Hazard, H. W. (ed.) / Volume III: The fourteenth and fifteenth centuries
XII: The Spanish and Portuguese reconquest, 1095-1492, pp. 396-456 PDF (13.3 MB)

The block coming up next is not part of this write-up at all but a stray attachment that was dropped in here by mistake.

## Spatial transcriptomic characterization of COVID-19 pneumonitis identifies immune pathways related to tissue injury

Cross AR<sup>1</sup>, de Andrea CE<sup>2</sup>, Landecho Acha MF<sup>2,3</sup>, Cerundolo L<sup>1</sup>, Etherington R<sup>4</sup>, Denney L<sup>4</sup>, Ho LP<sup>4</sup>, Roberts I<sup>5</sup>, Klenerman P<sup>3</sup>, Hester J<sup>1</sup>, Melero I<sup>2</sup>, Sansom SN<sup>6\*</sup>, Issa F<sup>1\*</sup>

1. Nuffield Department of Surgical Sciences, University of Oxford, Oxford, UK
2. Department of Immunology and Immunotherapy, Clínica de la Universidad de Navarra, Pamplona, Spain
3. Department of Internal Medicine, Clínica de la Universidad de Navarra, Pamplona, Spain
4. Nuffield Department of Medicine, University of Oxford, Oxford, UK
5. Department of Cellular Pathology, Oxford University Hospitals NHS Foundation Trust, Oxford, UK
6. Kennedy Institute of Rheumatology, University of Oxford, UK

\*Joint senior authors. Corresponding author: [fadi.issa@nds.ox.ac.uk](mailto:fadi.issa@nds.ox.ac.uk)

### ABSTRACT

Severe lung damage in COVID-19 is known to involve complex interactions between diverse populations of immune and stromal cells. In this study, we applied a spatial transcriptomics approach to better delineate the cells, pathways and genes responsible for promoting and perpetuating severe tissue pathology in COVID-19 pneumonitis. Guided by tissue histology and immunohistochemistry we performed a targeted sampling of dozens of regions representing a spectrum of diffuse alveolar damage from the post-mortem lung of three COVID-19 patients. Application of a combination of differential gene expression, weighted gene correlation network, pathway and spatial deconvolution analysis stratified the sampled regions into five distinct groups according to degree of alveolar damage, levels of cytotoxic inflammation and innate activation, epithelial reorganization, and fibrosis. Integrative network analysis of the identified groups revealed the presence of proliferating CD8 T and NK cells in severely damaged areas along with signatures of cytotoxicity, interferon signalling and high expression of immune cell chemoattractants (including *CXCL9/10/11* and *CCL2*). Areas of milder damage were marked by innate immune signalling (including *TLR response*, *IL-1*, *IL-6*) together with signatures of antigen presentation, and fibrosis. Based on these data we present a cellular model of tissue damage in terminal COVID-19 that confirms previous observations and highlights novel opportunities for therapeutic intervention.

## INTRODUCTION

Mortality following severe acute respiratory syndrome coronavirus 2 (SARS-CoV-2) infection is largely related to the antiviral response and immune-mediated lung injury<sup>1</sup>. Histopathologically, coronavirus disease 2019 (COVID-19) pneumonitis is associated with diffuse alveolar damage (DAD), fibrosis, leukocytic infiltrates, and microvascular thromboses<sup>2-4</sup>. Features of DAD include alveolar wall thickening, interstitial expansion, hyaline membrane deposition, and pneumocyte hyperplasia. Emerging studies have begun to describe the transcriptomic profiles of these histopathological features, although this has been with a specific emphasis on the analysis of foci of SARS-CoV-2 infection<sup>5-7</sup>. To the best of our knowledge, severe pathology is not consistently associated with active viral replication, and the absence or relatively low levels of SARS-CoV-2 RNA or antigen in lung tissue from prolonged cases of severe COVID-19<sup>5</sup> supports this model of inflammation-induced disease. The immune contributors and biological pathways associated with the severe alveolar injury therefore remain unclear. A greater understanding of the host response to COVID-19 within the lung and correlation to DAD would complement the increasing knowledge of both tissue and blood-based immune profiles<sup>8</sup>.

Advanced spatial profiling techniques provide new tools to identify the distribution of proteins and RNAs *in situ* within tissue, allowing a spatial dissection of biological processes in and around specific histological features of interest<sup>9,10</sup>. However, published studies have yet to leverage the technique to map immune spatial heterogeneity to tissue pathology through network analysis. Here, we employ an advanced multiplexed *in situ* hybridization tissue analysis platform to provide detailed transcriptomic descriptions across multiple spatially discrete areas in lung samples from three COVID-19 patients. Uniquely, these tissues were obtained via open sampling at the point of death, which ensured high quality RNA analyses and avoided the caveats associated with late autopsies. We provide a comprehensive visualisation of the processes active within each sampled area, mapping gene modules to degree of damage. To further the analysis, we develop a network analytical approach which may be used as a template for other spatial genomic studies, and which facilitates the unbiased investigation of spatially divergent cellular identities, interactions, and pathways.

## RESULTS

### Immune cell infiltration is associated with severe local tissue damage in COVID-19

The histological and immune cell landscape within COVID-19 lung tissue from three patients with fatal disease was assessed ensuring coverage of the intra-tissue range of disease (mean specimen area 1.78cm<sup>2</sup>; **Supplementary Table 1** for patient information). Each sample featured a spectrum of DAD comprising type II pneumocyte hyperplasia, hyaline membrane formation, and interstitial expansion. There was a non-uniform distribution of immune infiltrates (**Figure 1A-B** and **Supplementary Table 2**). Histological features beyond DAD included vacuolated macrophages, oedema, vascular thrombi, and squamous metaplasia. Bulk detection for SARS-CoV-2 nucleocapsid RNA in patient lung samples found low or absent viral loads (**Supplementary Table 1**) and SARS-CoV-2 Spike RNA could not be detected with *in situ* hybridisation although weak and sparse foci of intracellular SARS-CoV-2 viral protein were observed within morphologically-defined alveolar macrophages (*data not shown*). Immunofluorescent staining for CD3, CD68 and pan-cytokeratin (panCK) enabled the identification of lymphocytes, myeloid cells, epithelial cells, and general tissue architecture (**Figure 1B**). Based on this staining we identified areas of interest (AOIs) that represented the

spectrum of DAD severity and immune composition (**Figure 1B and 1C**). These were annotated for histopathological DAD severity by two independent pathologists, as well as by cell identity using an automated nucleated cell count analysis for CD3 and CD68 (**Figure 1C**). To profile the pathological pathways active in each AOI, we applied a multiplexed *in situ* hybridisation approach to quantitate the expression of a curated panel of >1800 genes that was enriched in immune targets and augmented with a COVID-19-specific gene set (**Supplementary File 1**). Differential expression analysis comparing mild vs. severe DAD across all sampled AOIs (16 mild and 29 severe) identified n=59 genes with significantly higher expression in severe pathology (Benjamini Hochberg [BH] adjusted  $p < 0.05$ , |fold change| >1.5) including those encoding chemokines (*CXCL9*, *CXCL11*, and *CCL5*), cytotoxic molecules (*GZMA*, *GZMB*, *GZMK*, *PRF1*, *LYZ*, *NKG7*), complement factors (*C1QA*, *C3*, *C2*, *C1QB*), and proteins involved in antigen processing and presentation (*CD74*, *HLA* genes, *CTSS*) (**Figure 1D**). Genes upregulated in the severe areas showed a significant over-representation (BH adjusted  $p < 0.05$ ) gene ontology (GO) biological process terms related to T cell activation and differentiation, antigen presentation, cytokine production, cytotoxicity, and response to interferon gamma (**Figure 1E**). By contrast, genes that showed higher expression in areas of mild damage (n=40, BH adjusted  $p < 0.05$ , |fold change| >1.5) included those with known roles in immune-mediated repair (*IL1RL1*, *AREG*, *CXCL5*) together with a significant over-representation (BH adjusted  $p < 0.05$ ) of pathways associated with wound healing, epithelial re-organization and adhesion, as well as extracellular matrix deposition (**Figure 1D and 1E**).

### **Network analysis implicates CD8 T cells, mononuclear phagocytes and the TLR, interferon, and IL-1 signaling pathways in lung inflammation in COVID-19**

456 A HISTORY OF THE CRUSADES III settled, he would become a fellow subject under the king; we need only cite the vast contrast in attitudes, for example, between the French Chanson de Roland and the Castilian Can tar del Cid, or between the late crusade ideal and the rejection of it in favor of peaceful conversion by so eminent a mid-fifteenth-century thinker as cardinal John of Segovia, to appreciate the extent to which accep tance of human coexistence (con vivencia) as well as enmity toward external dominion colors the history of the reconquest.33 To be sure, between 1095 and 1492 many fluctuations in national and religious purpose can be discerned: the bitter drives for survival against the Murabit, Muwahhid, and Marinid might in the twelfth and thirteenth centuries, the loss of momentum after 1350, and the revival of effort in the fifteenth century that carried over into the Turkish and Reformation wars, and the great overseas conquests, colonizations, and missionary enterprises of the early modern age. Yet the impulses and methods, the skills in warfare and in the creation of new societies that Spaniards displayed in the Caribbean, Mexico, and Peru, and Portuguese in the Atlantic islands, Africa, Asia, and the Brazilian captaincies, all are deeply rooted in the reconquest past and the long medieval confrontation with Islam. 33. D. Cabanelas Rodriguez, Juan de Segovia y el problema islámico (Madrid, 1952).
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